Since John Ellis had been advertising with the Washington Times, since around 1997, John knew John Ellis very well but he didn’t know the scientists who noticed John’s ad one Tuesday morning a couple of years later in the Washington Times National Weekly Edition.
The voice on the other end of the line identified himself as the head of the government’s laboratory at Los Alamos—proudly detailing a list of Ph.D.s that sounded like the caller had the only fold-out business card since the days of scientists like Humphry Davy, Michael Faraday, Nicolas Tesla and scores of other world famous scientists from the 17th, 18th and 19th centuries whose inventions were the keys which unlocked the secrets to the technology we use today. He had a slightly intimidating voice when he said: “I don’t know if you know this, but you have a scam-artist advertising in your newspaper,” followed by a flood of technical words that not only could I not spell, half of them I couldn’t pronounce.
Spokes stopped him by saying: “Other than understanding the scam artist statement, you’re talking at a level well beyond my understanding because you’re a scientist and speak in a language I don’t fully comprehend. Which means I didn’t understand half of what you said. So, if it’s okay with you, I’m going to give you the phone number for the head of Crystal Clear–the man who owns the 13 patents on this distiller which, my understanding is that it does precisely what the ad says it does. Call him. If, after speaking with him, you remain convinced that he’s a scam artist and what he’s selling won’t work, call me back. I promise you, I will pull his ads from next week’s paper and we will never run them again.”
The folks who subscribed to the National Weekly Edition buy those distillers for one reason—they have experienced health enhancing results with them, or in some cases, have friends or acquaintances who have experienced extraordinary results from using them, and know what they’ve read in the paper about the Electron 4 and Electron 5 distillers are true. Simply stated, if a reader can’t trust the integrity of the ads in the newspaper, then they can’t trust the integrity of the people behind the news in the headlines. “The advertiser, John Ellis, just like the Washington Times, are both good at what they do because they’re honest.” Spokes told the lead scientist for Los Alamos that, immediately after you talk to John Ellis one-on-one, and you become convinced that he’s telling the truth, let me know and we will run his ad. If you remain convinced that he’s a scam artist, or even just misinformed, call me and not only will I pull his ad from our paper, it will never run in the Washington Times again. Is that an agreeable solution?”
He agreed, assuring me he would call me back in 15 minutes or so. Fifteen minutes passed. An hour passed. Five o’clock passed so I knew John’s chauffeur was driving him home. I called Crystal Clear first thing in the morning. As usual, John was his cheerful self. I asked him if he received a call back from the Los Alamos executive, and if so, what he said (meaning, of course: did he say: “You’re a fraud!”)
I was surprised when he told me what the scientist said: “He told me he wished he owned my patent rights.” “What happened to the ‘this guy’s a fraud?’” I asked. “Well,” John laughed, “when two scientists who talk the same language get together, they pretty much understand what each is saying—or when, or if, one of them is jerking the other one’s leg.” Half-joking, I asked him: “So, did he buy an Electron-5?”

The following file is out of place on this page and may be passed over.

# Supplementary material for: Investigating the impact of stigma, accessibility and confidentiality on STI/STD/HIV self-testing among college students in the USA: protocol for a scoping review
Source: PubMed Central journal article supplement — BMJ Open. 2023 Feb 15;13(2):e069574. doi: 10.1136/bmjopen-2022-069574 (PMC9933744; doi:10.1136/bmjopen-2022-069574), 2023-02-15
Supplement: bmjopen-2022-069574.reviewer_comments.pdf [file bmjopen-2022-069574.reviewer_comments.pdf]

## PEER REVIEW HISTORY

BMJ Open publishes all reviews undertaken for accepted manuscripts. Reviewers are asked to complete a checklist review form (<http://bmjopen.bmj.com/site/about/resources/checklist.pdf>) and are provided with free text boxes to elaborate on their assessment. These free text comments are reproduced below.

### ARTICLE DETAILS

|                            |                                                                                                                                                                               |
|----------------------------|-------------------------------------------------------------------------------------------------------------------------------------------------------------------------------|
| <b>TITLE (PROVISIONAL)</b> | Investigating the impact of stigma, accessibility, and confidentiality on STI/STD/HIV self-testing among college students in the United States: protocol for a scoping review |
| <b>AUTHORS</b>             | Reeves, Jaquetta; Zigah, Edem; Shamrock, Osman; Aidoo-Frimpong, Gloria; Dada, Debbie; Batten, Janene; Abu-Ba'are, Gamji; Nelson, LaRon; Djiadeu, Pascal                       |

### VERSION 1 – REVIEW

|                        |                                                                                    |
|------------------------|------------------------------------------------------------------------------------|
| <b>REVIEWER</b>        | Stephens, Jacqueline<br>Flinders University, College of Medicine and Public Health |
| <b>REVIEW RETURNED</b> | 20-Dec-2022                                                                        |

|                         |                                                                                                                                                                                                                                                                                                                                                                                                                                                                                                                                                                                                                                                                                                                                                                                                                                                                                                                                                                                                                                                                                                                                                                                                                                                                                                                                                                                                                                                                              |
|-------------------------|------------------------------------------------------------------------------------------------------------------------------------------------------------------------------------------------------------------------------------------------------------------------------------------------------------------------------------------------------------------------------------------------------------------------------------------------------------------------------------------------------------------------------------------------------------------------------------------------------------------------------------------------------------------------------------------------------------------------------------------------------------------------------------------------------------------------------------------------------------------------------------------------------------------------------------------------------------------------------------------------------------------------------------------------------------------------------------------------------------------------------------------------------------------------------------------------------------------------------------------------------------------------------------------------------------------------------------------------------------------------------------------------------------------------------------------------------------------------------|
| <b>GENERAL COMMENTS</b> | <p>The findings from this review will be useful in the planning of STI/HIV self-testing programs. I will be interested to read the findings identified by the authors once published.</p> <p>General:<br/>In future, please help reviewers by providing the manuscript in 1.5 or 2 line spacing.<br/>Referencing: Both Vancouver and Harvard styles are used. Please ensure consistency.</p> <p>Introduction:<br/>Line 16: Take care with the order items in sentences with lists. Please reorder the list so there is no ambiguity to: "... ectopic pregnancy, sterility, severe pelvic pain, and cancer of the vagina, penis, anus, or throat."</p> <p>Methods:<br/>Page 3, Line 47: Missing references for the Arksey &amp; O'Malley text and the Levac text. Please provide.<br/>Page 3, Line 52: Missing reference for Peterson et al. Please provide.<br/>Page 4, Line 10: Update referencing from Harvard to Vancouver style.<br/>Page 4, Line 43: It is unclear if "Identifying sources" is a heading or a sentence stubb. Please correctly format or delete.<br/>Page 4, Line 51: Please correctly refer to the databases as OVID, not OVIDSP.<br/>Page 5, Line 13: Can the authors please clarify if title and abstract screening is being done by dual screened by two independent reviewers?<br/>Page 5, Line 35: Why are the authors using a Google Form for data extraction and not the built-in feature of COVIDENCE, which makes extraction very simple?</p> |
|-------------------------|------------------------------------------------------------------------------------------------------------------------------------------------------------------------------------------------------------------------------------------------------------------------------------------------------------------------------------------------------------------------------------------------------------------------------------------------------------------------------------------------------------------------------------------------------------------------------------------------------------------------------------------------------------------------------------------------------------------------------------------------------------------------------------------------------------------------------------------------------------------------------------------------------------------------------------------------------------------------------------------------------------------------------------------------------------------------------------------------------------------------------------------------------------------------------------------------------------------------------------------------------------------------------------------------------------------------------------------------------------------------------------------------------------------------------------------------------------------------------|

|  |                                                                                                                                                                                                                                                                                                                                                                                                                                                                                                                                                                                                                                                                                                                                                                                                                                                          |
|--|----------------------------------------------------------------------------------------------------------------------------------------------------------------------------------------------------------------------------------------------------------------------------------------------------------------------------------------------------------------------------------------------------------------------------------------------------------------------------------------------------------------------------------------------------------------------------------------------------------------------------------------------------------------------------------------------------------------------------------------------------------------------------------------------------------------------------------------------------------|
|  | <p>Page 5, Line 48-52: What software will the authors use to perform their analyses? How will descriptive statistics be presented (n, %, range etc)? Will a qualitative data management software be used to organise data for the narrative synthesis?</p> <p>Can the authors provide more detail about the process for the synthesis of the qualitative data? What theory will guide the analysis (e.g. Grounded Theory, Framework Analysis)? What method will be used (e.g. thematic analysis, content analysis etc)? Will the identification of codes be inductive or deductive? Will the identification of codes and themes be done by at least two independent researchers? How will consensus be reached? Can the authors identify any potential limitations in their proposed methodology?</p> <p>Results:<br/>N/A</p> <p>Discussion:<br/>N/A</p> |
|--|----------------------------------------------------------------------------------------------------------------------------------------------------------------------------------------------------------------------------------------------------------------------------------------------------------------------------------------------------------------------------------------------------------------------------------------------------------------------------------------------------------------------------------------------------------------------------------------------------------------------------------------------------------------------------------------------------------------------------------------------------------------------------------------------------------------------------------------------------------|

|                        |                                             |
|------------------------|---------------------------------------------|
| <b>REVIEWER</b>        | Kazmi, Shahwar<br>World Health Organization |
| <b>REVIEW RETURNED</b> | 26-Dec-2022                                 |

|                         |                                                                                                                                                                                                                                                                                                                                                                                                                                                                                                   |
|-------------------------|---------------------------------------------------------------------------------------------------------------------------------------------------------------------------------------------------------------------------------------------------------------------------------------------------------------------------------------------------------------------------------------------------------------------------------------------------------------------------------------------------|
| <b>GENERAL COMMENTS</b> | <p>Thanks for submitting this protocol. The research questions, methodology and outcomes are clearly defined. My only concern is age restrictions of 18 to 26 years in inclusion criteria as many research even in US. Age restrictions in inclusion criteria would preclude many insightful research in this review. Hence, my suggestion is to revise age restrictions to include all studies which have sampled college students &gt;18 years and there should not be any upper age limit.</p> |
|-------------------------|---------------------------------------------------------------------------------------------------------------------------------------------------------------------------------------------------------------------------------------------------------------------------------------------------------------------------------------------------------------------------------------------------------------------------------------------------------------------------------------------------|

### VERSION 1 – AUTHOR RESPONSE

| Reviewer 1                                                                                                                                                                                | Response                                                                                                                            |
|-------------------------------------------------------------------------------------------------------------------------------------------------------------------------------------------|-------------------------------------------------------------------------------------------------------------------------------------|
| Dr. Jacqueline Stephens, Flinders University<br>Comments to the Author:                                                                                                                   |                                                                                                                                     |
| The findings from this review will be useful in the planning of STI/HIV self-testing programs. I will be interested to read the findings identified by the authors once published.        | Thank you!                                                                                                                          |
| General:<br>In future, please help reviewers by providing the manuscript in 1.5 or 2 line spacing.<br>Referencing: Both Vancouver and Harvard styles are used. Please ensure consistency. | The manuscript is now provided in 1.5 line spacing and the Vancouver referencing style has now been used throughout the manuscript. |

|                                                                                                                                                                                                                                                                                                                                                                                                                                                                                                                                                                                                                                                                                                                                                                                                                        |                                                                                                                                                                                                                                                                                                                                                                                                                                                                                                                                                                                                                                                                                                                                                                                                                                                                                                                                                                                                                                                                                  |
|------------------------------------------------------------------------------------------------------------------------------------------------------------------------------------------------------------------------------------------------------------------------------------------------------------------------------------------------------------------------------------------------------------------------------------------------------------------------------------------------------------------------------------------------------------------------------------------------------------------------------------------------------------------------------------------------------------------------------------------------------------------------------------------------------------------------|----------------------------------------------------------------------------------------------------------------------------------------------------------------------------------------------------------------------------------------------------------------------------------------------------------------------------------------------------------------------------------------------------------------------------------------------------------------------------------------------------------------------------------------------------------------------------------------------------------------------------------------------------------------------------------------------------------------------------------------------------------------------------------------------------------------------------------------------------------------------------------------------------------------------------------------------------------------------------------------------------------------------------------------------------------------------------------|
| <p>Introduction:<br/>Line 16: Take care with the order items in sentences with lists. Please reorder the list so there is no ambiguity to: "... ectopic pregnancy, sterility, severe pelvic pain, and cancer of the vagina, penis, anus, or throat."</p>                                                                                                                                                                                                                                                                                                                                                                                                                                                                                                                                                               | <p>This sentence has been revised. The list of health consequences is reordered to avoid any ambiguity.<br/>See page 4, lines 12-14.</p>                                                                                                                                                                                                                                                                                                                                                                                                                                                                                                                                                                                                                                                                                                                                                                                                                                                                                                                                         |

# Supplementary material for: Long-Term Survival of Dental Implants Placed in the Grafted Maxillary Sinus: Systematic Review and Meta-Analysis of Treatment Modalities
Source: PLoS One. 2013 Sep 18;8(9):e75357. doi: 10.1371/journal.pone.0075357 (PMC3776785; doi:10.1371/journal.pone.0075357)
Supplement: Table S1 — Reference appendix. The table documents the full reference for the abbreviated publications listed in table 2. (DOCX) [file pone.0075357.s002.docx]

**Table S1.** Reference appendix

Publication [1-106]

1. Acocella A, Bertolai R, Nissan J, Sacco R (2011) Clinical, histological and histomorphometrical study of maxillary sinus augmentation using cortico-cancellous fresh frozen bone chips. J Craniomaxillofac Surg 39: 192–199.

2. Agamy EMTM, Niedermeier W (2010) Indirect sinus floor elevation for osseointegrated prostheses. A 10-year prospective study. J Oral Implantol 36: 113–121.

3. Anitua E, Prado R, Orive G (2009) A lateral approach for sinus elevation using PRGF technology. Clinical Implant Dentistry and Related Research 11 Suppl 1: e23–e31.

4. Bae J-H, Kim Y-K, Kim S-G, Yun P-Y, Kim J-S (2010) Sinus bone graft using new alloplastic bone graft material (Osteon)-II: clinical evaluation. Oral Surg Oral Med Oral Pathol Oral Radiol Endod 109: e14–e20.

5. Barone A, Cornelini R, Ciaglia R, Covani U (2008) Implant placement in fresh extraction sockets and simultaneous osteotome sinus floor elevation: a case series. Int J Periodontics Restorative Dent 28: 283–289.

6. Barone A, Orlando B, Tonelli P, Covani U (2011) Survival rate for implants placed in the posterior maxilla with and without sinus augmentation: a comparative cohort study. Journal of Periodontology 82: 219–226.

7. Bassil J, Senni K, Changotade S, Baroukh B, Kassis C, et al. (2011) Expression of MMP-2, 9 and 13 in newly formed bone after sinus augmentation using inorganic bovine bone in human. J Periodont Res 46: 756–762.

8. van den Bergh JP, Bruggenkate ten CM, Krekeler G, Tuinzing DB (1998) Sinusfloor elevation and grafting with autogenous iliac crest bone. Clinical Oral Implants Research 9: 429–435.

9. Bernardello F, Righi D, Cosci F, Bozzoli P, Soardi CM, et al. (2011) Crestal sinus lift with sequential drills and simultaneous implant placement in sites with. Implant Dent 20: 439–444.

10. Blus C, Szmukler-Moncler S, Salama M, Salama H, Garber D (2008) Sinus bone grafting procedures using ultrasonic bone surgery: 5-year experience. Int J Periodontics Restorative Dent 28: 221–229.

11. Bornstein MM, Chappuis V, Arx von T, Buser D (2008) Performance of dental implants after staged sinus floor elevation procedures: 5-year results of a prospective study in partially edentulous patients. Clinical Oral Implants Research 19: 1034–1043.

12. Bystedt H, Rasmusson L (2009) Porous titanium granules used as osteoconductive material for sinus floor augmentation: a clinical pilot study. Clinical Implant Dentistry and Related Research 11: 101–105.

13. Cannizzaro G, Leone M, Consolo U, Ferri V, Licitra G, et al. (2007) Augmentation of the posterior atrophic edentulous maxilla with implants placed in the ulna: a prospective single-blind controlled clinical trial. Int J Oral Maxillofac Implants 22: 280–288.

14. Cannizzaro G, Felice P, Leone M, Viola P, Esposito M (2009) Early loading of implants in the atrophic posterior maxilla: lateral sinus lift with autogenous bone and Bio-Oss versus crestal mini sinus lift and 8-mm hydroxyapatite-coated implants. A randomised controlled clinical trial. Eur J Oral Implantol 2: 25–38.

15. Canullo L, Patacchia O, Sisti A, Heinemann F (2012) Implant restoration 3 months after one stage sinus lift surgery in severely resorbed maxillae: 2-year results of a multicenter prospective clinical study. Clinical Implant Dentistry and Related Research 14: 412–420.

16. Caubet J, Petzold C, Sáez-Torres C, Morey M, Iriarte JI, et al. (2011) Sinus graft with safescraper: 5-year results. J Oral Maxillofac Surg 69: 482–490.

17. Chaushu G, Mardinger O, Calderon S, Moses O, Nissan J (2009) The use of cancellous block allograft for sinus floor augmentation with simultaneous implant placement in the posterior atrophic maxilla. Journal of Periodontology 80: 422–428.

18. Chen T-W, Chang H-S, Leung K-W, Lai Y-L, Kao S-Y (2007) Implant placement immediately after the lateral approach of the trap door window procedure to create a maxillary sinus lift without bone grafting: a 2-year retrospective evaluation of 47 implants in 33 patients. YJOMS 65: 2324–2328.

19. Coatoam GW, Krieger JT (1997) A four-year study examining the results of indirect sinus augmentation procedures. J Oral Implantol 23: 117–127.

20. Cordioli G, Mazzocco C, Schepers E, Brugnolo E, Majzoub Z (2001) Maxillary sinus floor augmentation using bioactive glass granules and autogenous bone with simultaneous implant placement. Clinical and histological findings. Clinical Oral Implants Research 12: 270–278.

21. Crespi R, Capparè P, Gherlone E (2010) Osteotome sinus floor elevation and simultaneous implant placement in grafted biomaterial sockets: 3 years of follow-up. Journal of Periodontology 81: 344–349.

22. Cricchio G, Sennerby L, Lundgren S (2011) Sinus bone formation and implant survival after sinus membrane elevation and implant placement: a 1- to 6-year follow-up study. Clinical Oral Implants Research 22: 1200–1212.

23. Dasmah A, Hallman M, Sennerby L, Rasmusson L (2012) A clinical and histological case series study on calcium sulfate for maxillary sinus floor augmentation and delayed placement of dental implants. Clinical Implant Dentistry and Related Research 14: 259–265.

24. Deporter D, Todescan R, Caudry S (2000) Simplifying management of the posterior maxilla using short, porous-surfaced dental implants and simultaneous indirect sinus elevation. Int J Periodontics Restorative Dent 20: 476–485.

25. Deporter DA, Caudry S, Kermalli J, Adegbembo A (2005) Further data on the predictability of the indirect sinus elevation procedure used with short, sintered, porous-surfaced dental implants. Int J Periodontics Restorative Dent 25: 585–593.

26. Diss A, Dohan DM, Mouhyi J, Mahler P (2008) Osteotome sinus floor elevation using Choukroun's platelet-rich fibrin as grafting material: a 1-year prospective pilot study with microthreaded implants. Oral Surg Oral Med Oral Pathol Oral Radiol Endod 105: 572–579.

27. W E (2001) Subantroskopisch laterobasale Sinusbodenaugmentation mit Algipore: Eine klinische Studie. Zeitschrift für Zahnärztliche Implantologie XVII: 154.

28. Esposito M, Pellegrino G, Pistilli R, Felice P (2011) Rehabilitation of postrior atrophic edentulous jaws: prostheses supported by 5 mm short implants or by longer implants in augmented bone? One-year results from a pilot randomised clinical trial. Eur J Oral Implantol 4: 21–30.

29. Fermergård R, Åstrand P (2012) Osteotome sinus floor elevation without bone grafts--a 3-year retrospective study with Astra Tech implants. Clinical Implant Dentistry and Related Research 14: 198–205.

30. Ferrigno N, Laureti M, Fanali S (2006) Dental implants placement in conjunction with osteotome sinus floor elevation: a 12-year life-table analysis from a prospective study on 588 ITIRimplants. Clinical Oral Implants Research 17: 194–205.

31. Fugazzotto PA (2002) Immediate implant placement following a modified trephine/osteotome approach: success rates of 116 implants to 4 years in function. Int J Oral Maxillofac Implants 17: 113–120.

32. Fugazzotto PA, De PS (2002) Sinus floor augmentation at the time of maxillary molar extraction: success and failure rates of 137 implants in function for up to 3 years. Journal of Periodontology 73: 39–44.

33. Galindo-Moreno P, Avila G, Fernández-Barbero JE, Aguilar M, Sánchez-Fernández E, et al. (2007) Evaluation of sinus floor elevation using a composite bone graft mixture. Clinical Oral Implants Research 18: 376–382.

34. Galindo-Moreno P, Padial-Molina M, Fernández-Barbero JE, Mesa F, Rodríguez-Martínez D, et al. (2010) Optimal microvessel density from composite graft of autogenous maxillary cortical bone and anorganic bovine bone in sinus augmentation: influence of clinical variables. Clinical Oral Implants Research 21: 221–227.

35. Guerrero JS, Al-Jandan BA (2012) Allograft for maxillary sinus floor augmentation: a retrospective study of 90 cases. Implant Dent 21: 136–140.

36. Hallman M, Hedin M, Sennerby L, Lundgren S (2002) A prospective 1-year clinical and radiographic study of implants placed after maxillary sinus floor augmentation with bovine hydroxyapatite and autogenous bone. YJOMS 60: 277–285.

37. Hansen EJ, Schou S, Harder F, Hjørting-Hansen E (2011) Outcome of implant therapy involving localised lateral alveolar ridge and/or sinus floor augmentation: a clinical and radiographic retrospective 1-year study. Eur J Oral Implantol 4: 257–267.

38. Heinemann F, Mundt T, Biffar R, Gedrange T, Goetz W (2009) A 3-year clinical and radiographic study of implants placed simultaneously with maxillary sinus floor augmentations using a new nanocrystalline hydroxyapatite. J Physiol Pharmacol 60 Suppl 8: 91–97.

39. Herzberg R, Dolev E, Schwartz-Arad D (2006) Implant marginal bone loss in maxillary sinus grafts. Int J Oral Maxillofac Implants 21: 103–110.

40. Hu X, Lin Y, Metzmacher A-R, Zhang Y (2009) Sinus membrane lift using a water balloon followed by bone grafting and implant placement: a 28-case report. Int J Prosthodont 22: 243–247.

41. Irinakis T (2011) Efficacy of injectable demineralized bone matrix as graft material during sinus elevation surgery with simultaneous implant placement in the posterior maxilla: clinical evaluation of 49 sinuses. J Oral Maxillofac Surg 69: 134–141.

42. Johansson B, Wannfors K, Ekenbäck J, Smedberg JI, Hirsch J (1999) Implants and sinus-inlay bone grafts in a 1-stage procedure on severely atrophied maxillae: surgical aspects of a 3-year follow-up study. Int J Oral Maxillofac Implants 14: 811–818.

John replied: “When you’re testing something brand new, logic suggests you always try the cheapest one—just to see how good it is.”
John and I talked a little longer. I suggested calling the Los Alamos scientist (since he hadn’t called me back) to find out if he purchased one or the other of the distillers. Or neither. John suggested I wait for three or four days because it would take that long he would get his order. I told John I thought I should call Los Alamos just to find out how receptive the scientists at Los Alamos really were since that was what I promised him, even though he had promised me he would call me back after he spoke to you since the scientist’s initial claim was that it was pretty much impossible to
permanently change the hydrogen bond angle of the water from 104 ° to 114 ° when just about any housewife knows when you boil sink water, the hydrogen bond angle of the water drops from 104 ° to 101°. Since I promised him I would talk to him after he spoke to you,” Jon said, “although he was supposed to call me, I feel obligated to do that.”
“Wait a few minutes, then,” John said, “the only way you can get past their switchboard is with his cell phone. If you call in on their switchboard and ask for him, it could take you an hour or, as much as a day, before he calls you back. He’s a pretty busy guy. Let me give you his private cell number since it rings on the phone in his pocket.” It was then that John shocked me. “If you wait an hour or so until the girls in the other office processes his order,” he suggested, “I’ll fax you a copy of the order he placed for ten Electron 5s. Not only does that insertion order contain his corporate data,” John concluded, “it also contains his comment that he wouldn’t mind owning my patent rights.”
Because John added my name and private cell number on his cover sheet, his new client was laughing as he picked up the phone when I called. We chatted about John Ellis for about 15 minutes. He admired John for what he had accomplished— permanently expanding the bond angle of hydrogen–and wondering not only how he knew it could be done, but more important, how to do it.
The excerpt above is from “THE FARADAY TWINS” by an author with 16 million followers.